Oakland Raiders

raidChet Soda, Oakland's first general manager, sponsored a name-the-team contest in 1960. Helen A. Davis, an Oakland policewoman, submitted the winning entry, Señors, and was rewarded with a trip to the Bahamas. The nickname, an allusion to the old Spanish settlers of northern California, was ridiculed in the weeks that followed, and fans also claimed that the contest was fixed. It was well known that Soda greeted people as "Señor."

Scotty Stirling, a sportswriter for the Oakland Tribune who would later become the team's general manager, provided another reason to abandon the nickname. "That's no good," Stirling said. "We don't have the accent mark for the n in our headline type." Responding to the backlash, Soda and the team's other investors decided to change the team's nickname to Raiders, which was a finalist in the contest along with Lakers.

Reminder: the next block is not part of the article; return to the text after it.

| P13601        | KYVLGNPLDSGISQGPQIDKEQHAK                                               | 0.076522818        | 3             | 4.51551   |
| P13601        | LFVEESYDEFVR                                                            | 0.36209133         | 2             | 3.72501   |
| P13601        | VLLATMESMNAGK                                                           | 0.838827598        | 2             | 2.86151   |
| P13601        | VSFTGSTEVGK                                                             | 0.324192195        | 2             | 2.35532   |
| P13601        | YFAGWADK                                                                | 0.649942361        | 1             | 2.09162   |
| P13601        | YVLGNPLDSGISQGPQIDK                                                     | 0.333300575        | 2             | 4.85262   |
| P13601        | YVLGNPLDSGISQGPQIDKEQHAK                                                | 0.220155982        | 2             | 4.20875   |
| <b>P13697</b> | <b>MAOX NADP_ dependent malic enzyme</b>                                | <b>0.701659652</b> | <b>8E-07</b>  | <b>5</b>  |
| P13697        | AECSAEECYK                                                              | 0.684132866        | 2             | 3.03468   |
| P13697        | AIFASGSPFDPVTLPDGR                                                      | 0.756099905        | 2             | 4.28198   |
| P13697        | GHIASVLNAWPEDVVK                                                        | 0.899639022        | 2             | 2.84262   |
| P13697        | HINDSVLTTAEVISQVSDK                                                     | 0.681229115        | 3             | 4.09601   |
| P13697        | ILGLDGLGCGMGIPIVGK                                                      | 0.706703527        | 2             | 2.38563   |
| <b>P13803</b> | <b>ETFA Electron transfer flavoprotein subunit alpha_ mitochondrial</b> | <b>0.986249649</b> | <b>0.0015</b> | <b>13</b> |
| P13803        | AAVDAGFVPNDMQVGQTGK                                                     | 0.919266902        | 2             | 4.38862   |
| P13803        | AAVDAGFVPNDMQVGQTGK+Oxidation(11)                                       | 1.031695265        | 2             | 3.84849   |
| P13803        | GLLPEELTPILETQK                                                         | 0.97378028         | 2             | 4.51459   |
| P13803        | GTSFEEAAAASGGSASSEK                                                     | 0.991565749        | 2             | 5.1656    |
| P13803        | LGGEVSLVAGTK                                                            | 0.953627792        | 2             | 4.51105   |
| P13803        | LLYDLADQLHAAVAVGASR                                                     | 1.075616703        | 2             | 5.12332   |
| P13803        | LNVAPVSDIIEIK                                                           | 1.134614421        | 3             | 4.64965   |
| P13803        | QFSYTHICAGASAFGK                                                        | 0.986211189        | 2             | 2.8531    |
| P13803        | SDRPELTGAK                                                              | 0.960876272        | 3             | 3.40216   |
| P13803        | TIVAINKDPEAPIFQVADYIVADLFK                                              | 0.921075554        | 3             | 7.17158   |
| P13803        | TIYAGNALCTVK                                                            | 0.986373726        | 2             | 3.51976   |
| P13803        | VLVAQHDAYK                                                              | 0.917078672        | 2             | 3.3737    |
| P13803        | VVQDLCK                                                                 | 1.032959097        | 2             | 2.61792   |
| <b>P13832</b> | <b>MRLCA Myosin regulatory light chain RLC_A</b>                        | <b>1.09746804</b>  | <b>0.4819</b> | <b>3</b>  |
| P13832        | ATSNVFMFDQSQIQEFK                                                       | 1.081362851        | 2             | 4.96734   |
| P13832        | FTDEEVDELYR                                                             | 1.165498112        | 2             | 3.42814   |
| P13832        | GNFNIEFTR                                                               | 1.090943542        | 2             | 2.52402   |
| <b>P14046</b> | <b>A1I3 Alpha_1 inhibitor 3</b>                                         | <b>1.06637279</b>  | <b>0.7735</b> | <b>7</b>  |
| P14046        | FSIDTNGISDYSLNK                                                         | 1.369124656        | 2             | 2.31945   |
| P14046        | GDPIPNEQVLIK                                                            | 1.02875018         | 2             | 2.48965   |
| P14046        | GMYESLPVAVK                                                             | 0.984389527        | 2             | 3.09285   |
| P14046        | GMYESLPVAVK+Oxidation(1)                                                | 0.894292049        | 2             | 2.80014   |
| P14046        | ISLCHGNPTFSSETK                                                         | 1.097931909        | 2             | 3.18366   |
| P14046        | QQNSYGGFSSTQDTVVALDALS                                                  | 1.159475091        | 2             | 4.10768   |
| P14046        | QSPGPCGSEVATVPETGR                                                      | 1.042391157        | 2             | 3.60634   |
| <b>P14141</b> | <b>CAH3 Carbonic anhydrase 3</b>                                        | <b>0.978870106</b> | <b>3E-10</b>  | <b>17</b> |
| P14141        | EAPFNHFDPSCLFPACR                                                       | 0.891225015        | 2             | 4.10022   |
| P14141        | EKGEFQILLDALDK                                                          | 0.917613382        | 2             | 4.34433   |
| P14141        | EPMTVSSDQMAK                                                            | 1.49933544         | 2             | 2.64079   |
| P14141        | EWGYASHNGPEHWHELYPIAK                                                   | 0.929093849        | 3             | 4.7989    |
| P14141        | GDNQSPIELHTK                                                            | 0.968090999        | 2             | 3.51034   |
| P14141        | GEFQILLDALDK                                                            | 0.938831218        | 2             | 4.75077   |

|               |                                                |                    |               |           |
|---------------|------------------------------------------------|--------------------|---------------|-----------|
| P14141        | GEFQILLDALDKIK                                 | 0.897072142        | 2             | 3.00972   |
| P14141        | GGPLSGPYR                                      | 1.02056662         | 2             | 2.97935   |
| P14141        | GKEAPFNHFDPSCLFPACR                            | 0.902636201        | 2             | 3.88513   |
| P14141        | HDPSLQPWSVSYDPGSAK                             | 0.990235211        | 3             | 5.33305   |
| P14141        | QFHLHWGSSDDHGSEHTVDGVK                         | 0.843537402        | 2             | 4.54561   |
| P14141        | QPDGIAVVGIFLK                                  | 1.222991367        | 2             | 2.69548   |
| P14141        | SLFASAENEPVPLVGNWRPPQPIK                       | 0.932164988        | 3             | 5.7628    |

There's some dispute over who designed the Raiders' logo, a helmeted pirate with an eye patch and a pair of crossed swords behind him. According to former Raider Jim Otto's autobiography, a high school teacher in Oakland claimed that one of his students designed it, while a man in Hawaii claimed that he modeled the pirate after actor Randolph Scott. [Image credit: Chargers.com.]

New York Jets (New York Titans)

jetsBefore they were the Jets, New York's AFL team was known as the Titans. The nickname was chosen by egomaniacal owner Harry Wismer, because, as he put it, "Titans are larger than Giants." (The New York Giants were already an established team in the NFL.) Wismer, who was a former broadcaster at Notre Dame, reportedly designed the Titans' navy blue and gold uniforms to resemble the Fighting Irish's uniforms.